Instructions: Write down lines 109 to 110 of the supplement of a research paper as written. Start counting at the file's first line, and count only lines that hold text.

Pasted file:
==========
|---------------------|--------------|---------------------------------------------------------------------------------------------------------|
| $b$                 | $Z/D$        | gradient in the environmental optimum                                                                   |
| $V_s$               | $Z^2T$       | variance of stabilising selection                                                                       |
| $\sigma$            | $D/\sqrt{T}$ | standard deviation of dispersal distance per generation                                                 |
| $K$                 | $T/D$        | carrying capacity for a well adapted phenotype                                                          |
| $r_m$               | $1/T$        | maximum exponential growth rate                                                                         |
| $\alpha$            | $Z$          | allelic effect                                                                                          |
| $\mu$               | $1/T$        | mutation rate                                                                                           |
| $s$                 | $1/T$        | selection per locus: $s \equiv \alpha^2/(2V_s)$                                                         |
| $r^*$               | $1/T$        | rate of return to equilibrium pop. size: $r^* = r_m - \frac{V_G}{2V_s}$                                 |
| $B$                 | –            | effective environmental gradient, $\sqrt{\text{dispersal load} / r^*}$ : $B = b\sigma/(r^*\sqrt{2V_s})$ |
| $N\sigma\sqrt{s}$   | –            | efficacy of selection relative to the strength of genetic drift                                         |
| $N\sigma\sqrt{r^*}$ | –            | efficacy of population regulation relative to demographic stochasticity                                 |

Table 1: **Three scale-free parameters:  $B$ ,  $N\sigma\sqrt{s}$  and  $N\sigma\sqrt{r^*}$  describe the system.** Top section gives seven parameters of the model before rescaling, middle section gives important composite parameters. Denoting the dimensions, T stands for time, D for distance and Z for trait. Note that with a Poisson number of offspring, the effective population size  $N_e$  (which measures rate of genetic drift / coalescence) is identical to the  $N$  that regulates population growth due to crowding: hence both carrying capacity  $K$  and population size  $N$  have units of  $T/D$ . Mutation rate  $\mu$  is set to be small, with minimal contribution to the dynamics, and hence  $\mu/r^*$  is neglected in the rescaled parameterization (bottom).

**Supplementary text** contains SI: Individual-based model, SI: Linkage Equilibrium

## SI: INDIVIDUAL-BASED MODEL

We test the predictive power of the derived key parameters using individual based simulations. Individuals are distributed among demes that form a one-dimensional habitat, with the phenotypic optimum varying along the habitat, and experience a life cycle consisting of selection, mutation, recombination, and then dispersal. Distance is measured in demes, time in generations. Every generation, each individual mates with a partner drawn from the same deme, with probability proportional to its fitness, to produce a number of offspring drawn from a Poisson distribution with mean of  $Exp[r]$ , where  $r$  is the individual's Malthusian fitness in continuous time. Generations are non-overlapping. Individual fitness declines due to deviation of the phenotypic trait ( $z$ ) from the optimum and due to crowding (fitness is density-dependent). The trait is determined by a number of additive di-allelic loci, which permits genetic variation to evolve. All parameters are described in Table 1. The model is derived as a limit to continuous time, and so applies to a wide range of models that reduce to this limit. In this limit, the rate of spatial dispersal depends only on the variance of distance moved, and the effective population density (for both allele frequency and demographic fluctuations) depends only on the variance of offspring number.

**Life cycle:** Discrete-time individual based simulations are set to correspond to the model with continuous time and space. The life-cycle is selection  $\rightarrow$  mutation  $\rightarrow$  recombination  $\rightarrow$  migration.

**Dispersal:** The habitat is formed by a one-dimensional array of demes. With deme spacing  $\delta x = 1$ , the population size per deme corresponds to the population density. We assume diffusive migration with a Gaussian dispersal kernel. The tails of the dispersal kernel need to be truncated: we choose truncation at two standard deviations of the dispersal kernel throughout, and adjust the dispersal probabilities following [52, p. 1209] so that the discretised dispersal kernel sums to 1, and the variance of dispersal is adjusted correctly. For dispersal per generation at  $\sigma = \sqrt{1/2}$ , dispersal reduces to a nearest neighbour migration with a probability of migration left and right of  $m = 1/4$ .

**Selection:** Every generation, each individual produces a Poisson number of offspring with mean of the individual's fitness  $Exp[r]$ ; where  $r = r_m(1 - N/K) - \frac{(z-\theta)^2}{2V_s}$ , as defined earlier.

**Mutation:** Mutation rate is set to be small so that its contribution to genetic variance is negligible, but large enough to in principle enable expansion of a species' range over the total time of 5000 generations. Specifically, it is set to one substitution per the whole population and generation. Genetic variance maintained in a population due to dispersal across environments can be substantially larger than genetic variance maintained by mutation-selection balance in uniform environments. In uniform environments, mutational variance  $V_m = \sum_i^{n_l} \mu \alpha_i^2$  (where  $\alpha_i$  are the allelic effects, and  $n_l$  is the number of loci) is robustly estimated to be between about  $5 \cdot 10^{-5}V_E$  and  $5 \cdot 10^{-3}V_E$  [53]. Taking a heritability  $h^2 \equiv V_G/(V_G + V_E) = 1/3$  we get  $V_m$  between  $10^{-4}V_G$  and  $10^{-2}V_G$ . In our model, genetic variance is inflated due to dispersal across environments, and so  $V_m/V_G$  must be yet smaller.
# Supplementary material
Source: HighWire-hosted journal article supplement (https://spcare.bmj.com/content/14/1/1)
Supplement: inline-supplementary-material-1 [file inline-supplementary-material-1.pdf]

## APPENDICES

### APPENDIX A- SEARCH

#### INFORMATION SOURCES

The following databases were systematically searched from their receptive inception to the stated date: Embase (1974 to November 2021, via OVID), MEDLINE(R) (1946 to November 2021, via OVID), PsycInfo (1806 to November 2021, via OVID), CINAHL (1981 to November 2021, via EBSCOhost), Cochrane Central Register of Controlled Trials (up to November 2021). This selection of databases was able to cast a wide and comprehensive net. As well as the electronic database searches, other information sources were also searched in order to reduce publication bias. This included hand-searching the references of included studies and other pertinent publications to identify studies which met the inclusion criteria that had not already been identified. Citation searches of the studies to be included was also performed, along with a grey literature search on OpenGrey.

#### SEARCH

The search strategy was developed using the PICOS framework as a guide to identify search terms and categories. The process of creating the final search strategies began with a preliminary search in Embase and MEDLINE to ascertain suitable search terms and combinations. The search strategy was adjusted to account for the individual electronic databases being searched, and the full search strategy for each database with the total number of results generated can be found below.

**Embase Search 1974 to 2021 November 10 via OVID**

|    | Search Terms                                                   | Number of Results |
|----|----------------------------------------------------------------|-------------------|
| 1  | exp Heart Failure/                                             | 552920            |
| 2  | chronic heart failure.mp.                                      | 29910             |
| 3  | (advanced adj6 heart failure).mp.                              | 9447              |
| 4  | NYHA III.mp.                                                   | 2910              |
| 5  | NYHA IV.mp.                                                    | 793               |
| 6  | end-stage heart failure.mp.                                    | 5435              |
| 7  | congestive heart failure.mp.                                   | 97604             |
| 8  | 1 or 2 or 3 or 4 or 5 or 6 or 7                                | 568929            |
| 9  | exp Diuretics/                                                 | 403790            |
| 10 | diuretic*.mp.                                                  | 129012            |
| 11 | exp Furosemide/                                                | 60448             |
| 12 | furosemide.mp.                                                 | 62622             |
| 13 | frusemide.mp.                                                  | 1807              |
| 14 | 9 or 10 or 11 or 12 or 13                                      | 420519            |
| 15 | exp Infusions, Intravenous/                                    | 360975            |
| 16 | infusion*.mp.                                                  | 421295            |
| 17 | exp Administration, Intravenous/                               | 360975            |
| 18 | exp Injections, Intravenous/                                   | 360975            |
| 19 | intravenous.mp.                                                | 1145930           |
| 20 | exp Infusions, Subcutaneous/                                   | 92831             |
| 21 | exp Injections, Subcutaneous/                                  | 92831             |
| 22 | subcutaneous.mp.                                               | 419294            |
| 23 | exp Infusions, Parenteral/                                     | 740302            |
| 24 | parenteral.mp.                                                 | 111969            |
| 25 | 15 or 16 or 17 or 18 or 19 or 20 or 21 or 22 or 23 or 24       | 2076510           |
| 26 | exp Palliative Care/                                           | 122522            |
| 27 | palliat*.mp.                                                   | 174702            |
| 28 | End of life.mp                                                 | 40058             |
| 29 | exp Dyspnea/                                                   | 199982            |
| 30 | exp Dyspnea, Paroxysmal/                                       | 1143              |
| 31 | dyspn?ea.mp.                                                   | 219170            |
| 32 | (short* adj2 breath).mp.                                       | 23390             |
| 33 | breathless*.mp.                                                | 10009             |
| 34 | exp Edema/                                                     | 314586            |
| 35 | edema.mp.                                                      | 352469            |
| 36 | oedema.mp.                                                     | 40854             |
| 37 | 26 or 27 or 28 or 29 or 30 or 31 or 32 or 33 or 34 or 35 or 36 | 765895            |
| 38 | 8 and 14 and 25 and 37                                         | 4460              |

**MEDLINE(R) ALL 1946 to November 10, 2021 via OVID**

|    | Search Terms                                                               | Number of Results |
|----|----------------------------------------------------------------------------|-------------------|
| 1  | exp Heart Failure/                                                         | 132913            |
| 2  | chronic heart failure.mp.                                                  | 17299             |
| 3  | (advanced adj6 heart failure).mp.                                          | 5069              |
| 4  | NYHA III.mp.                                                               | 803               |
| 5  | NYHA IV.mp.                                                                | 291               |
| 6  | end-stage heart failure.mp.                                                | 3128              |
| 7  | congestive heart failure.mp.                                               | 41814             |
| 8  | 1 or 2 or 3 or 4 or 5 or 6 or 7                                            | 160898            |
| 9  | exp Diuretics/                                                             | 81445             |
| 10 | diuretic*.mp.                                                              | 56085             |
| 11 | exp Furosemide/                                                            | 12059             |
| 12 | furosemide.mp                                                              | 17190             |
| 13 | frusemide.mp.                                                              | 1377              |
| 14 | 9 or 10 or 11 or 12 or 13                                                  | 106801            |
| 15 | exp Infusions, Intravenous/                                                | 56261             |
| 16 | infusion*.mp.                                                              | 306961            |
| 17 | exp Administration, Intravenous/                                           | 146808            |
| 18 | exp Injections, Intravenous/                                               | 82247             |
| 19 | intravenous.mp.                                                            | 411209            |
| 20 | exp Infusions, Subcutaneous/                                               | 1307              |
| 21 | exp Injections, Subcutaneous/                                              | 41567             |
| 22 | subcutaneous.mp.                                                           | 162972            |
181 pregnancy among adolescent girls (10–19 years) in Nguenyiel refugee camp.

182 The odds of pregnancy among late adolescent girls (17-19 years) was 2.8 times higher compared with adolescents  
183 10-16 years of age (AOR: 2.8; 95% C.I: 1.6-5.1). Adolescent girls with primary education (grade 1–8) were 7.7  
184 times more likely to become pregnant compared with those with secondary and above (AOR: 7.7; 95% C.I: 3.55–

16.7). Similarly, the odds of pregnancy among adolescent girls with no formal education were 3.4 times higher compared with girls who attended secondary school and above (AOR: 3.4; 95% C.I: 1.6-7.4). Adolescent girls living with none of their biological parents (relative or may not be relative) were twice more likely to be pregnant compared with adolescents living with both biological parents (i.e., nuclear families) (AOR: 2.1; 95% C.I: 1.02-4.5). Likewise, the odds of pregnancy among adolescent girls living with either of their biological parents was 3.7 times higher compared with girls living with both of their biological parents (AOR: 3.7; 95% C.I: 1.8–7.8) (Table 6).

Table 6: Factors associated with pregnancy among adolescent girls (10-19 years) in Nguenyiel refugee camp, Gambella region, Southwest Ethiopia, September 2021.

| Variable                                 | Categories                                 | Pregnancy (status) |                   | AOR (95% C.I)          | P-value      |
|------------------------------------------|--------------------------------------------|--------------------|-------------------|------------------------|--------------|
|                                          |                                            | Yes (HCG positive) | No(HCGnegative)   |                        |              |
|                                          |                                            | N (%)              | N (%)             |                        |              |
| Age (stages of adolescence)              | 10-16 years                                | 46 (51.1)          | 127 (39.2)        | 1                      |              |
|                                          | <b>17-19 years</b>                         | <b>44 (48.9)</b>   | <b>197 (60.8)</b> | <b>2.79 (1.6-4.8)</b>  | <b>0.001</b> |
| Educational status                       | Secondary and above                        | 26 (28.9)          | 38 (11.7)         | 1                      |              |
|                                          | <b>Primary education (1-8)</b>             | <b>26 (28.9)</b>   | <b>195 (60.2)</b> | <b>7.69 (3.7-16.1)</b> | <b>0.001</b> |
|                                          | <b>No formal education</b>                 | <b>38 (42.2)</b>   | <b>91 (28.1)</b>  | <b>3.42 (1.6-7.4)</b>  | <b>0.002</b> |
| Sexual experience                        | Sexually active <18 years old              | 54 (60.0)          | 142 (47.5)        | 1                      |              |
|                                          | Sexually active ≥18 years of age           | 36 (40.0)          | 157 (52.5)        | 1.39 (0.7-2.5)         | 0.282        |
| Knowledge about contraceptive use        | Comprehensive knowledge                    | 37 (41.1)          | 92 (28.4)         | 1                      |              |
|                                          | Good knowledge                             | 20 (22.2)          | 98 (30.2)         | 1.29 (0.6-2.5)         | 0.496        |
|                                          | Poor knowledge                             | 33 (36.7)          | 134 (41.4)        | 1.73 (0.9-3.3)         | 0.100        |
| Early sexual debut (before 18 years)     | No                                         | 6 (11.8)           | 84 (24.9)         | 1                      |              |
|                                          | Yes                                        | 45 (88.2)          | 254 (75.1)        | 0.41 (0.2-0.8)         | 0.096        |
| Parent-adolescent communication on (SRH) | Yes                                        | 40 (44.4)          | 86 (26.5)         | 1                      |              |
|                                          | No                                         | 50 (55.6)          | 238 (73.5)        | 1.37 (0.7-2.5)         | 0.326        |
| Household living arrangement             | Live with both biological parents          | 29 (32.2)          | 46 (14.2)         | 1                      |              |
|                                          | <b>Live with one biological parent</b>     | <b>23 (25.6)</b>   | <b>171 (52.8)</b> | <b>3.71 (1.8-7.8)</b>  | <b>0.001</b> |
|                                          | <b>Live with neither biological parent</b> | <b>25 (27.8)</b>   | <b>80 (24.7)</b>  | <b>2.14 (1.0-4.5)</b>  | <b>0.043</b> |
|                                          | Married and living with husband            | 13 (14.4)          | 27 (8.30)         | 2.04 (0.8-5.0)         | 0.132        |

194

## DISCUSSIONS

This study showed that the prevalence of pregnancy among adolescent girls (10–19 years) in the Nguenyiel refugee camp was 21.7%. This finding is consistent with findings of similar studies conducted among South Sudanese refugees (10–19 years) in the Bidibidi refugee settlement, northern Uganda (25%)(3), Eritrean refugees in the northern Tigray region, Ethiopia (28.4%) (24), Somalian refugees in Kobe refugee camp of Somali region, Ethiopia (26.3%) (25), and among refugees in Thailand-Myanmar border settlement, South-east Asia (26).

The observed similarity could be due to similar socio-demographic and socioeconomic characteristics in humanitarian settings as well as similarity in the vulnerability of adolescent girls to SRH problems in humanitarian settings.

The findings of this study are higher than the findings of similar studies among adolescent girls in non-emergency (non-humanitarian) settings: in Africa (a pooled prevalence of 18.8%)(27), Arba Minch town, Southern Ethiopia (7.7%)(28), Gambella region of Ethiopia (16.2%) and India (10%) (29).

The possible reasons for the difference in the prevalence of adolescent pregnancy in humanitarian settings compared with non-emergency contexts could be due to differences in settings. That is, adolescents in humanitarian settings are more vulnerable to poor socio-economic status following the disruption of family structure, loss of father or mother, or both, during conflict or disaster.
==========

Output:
| Educational status                       | Secondary and above                        | 26 (28.9)          | 38 (11.7)         | 1                      |              |
|                                          | <b>Primary education (1-8)</b>             | <b>26 (28.9)</b>   | <b>195 (60.2)</b> | <b>7.69 (3.7-16.1)</b> | <b>0.001</b> |